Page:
“Nobody can be exactly like me. Sometimes even I have trouble doing it.” ― Tallulah Bankhead
The other day I was at the mall when the sight of a teenager shuffling around in flannel pajama bottoms reminded me of my days of teaching and the constant struggle over the kids’ sartorial choices. My urban school system finally decreed uniforms for everyone, but the students still managed to put their personal stamp on whatever they wore.
In the last few years I was teaching, the pre-invention-of-the-belt look became popular with the boys. The idea was to lower the waistband of your pants until they hung at the absolute bottom of your derriere, thereby providing your audience with a colorful view of your underwear every time your shirt rode up, which was most of the time. The classier boys wore two pairs of underwear – one for the purpose intended, the other for viewing.
While I grew really tired of my students appearing as though they were perpetually on the verge of sitting down, the droopy drawers did serve the purpose of slowing down anyone running from authority, since it’s particularly hard to get any speed up if the crotch of your khakis is riding at your knees. Carrying anything at the same time was problematic, too, since one hand was needed to keep the pants from tripping you entirely.
I sometimes wondered, though, if some of my male students found blessed relief in the new required uniforms. Many of my female students were spectacularly endowed and were enthusiastic devotees of the cleavage-as-accessory line of fashion. Now everyone was forced into polo shirts, which, no matter how form-fitting, still had only that three-button opportunity for exposure, and might allow the boy sitting next to them a least a glimmer of focus on classwork. Unfortunately, this mandated above-the-waist modesty was often cancelled by the girls’ trousers, which looked as though they’d been applied by a compressor.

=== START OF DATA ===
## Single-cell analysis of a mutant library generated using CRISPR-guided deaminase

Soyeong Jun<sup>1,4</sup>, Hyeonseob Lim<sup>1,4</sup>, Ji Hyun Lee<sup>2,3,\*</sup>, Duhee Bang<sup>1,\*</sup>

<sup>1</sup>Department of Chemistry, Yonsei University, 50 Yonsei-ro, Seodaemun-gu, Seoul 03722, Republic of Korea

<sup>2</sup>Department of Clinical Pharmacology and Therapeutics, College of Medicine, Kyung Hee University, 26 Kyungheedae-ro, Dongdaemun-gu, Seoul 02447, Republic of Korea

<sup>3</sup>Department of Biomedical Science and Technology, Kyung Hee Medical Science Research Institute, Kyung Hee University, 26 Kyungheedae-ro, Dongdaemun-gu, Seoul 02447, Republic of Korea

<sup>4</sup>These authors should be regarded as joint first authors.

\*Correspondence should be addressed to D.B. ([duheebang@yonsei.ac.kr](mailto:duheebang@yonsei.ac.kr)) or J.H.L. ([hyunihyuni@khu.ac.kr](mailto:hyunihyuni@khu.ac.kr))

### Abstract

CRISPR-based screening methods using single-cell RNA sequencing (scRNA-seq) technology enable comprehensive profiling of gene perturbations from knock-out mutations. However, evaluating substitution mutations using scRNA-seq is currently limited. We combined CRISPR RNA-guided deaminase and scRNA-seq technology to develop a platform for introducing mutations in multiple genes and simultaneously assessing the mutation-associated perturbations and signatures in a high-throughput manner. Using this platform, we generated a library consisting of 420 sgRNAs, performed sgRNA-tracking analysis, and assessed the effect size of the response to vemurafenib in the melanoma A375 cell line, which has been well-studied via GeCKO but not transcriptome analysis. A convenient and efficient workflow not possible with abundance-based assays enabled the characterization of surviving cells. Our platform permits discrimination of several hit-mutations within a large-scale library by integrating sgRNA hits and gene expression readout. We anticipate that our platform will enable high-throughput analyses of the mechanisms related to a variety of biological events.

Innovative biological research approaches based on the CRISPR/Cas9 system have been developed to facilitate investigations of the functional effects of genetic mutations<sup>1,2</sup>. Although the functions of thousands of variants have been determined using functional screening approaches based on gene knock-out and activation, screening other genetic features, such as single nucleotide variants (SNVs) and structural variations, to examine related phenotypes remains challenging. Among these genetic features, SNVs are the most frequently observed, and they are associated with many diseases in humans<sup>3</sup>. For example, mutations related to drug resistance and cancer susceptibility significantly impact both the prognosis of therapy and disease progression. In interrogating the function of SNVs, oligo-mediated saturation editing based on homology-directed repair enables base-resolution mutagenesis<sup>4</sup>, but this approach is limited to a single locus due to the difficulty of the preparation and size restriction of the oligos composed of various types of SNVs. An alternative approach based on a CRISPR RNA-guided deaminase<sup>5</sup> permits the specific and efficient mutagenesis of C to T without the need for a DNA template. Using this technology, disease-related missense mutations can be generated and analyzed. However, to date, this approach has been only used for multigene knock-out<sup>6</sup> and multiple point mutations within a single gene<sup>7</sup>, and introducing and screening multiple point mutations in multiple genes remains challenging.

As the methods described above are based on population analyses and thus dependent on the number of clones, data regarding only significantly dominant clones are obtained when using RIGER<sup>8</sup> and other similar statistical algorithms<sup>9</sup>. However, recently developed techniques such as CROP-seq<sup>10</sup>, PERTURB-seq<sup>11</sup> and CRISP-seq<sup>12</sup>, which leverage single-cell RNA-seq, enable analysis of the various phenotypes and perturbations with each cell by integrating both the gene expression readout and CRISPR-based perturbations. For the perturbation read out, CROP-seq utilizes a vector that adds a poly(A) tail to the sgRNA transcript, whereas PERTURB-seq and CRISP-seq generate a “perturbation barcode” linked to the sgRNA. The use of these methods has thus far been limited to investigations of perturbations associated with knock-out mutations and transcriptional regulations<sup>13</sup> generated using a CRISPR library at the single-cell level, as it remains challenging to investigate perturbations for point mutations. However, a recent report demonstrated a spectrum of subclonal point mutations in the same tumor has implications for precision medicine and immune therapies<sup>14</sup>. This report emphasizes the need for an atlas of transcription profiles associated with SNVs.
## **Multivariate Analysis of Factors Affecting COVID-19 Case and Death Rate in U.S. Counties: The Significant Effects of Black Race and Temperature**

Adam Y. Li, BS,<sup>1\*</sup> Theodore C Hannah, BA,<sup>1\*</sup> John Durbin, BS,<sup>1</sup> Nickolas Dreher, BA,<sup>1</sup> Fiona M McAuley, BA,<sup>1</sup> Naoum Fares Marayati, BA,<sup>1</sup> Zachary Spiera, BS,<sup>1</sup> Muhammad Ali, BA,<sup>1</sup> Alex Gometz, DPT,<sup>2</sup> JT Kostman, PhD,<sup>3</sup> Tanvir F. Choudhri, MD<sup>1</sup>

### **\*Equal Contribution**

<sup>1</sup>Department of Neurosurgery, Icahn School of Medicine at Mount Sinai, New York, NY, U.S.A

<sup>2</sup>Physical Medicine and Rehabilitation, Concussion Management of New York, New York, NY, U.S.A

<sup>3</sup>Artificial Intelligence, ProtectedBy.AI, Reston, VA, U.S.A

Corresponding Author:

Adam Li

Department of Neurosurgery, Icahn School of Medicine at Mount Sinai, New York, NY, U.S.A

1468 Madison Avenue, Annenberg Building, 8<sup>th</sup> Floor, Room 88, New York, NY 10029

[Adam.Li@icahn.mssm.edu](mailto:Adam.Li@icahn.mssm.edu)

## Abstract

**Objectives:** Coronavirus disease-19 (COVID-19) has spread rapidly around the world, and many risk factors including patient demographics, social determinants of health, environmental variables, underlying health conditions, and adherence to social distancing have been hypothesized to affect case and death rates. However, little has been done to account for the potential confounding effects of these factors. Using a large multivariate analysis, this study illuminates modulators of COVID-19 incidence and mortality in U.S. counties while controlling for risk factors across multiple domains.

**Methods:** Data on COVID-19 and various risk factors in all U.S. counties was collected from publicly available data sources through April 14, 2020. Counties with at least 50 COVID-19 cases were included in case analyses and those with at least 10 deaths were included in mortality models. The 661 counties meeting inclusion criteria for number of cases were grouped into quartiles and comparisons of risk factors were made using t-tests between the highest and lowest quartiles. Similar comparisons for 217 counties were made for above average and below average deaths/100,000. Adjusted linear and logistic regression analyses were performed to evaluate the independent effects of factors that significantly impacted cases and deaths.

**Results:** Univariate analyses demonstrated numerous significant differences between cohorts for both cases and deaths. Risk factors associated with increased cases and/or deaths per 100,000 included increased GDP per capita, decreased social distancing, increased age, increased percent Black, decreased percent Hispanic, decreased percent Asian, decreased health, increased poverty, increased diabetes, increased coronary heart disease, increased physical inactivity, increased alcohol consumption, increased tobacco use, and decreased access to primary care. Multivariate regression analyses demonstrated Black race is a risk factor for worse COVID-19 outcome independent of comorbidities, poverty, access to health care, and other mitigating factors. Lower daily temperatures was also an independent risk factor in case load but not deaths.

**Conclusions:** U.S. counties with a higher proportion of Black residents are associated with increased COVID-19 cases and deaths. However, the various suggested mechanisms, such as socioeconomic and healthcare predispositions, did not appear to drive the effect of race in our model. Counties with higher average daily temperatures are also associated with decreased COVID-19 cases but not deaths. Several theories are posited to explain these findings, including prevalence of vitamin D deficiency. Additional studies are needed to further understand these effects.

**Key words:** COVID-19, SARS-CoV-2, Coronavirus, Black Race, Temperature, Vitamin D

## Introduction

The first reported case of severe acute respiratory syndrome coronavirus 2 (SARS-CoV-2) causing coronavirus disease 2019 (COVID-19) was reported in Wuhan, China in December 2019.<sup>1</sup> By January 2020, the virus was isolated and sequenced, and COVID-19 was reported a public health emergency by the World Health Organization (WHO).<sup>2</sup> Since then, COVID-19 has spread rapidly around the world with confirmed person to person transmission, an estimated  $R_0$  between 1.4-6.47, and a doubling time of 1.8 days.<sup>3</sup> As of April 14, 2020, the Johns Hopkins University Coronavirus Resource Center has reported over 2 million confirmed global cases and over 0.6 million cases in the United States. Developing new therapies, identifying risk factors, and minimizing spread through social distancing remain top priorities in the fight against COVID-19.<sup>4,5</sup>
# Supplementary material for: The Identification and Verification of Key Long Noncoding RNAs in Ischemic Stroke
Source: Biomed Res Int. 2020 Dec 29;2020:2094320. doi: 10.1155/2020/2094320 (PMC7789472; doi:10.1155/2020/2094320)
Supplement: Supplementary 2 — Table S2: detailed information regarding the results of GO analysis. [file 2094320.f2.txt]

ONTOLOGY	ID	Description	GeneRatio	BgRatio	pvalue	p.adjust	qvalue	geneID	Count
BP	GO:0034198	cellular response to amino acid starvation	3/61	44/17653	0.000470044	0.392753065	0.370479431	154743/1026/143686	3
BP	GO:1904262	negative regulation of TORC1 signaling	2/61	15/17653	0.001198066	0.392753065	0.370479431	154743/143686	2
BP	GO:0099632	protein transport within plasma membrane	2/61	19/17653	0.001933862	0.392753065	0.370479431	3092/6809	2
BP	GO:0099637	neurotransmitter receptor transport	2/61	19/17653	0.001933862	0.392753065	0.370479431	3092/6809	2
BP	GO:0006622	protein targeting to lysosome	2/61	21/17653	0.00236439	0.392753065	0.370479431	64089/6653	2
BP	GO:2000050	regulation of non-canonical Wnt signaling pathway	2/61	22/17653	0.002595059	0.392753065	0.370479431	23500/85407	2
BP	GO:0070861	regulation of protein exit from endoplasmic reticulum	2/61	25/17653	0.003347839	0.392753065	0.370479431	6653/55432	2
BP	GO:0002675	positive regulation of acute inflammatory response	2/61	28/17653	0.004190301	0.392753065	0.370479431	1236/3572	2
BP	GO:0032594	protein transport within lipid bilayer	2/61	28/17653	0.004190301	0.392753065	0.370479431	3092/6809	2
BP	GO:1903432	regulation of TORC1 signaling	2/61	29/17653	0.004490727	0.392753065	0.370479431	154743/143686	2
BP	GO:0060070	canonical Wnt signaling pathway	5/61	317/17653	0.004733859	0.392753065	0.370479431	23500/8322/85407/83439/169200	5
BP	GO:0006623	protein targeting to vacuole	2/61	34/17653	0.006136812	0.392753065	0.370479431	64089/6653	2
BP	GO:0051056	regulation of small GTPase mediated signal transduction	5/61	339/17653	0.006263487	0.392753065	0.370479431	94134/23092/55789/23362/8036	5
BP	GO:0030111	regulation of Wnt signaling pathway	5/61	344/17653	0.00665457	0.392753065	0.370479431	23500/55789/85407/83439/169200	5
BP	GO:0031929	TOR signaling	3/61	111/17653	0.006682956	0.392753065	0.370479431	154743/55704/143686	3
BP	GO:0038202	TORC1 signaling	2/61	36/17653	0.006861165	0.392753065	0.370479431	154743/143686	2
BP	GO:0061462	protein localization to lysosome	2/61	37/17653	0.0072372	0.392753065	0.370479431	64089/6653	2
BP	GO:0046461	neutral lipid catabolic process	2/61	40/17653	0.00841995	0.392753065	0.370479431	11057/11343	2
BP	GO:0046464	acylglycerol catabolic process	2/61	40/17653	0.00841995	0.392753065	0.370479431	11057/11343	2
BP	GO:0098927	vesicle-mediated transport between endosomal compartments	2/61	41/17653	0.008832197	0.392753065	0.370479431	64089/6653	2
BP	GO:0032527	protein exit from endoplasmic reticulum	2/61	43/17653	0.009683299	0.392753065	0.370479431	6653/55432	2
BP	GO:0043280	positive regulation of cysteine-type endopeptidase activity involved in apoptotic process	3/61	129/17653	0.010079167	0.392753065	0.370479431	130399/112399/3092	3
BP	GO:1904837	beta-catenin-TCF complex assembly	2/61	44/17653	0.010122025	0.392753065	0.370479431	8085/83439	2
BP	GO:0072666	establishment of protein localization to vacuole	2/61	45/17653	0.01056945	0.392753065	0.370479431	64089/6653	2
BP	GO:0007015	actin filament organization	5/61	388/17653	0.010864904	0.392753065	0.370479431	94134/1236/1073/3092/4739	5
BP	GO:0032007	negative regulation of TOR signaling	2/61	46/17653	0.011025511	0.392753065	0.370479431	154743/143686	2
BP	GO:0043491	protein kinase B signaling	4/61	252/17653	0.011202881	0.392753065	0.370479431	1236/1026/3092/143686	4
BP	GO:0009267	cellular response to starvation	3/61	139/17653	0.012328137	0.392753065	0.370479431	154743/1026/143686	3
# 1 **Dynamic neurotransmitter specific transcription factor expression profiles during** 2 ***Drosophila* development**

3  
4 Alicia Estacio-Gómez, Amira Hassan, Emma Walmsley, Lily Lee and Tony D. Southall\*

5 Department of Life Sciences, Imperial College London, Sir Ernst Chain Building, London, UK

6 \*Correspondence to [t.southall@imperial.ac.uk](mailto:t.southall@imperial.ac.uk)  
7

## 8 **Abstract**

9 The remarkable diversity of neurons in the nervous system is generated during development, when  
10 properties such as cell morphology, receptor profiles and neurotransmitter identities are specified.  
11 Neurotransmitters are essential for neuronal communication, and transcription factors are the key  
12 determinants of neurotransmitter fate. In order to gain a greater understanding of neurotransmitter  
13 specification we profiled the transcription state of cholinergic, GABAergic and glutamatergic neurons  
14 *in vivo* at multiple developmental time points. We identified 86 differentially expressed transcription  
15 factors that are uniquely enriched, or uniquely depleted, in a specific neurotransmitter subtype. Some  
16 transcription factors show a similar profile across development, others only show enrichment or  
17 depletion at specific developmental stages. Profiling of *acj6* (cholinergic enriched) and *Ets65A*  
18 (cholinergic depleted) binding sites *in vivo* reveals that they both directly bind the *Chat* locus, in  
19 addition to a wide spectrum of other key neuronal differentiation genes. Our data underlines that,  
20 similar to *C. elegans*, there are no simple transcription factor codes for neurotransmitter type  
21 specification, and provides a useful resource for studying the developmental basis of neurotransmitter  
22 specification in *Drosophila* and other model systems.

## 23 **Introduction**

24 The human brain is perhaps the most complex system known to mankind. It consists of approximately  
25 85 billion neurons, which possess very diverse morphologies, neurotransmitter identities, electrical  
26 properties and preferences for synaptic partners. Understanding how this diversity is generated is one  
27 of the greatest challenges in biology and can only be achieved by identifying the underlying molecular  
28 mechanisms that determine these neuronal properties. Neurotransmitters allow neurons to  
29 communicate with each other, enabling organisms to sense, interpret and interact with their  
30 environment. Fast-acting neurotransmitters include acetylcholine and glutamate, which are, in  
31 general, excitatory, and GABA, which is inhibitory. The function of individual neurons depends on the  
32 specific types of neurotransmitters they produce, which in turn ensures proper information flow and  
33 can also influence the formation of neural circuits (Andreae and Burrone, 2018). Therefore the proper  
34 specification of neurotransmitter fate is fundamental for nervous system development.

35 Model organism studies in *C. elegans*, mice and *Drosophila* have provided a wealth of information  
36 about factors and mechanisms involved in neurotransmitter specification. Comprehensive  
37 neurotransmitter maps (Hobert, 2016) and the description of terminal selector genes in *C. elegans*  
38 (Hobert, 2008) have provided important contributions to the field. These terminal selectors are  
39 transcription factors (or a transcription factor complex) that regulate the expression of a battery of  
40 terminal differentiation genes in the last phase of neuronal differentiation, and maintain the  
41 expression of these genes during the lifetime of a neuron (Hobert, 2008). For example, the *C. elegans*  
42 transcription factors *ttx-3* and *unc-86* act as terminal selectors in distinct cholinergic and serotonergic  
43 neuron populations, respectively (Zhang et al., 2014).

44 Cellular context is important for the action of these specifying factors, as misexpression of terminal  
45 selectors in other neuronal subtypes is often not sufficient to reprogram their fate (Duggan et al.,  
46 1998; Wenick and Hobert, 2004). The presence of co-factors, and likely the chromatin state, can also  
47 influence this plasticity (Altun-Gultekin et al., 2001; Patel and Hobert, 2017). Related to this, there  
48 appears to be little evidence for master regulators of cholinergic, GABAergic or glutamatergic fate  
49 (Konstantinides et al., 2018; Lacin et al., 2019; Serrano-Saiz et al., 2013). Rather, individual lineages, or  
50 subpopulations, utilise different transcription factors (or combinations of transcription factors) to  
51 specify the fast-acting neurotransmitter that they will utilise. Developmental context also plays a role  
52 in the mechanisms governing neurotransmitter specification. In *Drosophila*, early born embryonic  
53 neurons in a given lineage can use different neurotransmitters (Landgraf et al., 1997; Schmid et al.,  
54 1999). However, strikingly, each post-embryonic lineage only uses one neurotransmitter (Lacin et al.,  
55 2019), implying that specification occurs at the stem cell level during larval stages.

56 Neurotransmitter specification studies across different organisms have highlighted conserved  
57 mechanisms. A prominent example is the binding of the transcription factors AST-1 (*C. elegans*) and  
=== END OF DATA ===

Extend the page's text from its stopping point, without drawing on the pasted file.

It was a constant tug of war between enforcing school rules to the letter and looking the other way so I could actually get in a little teaching. There was a considerable amount of giving an inch and taking a mile going on.
Could they wear a shirt under the polo? Could they wear a sweater over the polo? How many pockets were allowed on the khaki’s? If they had stitching similar to jeans, did that move them to the true, and therefore forbidden, jeans category? It was almost easier in the good old days when everyone would show up in their gang colors.
Other kids expressed themselves with blue hair, tattoos, or piercings. A student would appear in my room looking like a member of the Young Republicans between her neck and her ankles, but would have on high-heeled shoes, purple anklets, and a piercing in her tongue that made her a candidate for speech therapy.
Over the years of teaching, I must have grown really oblivious to the eccentricities of my students’ wardrobe choices. On one especially frigid late winter day my honors English class erupted into applause upon the arrival of one boy to my room. At that moment I realized this was the first time we weren’t looking at his knees. He had worn shorts every day of the school year, no big deal until you remember that this was
not exactly a tropical paradise.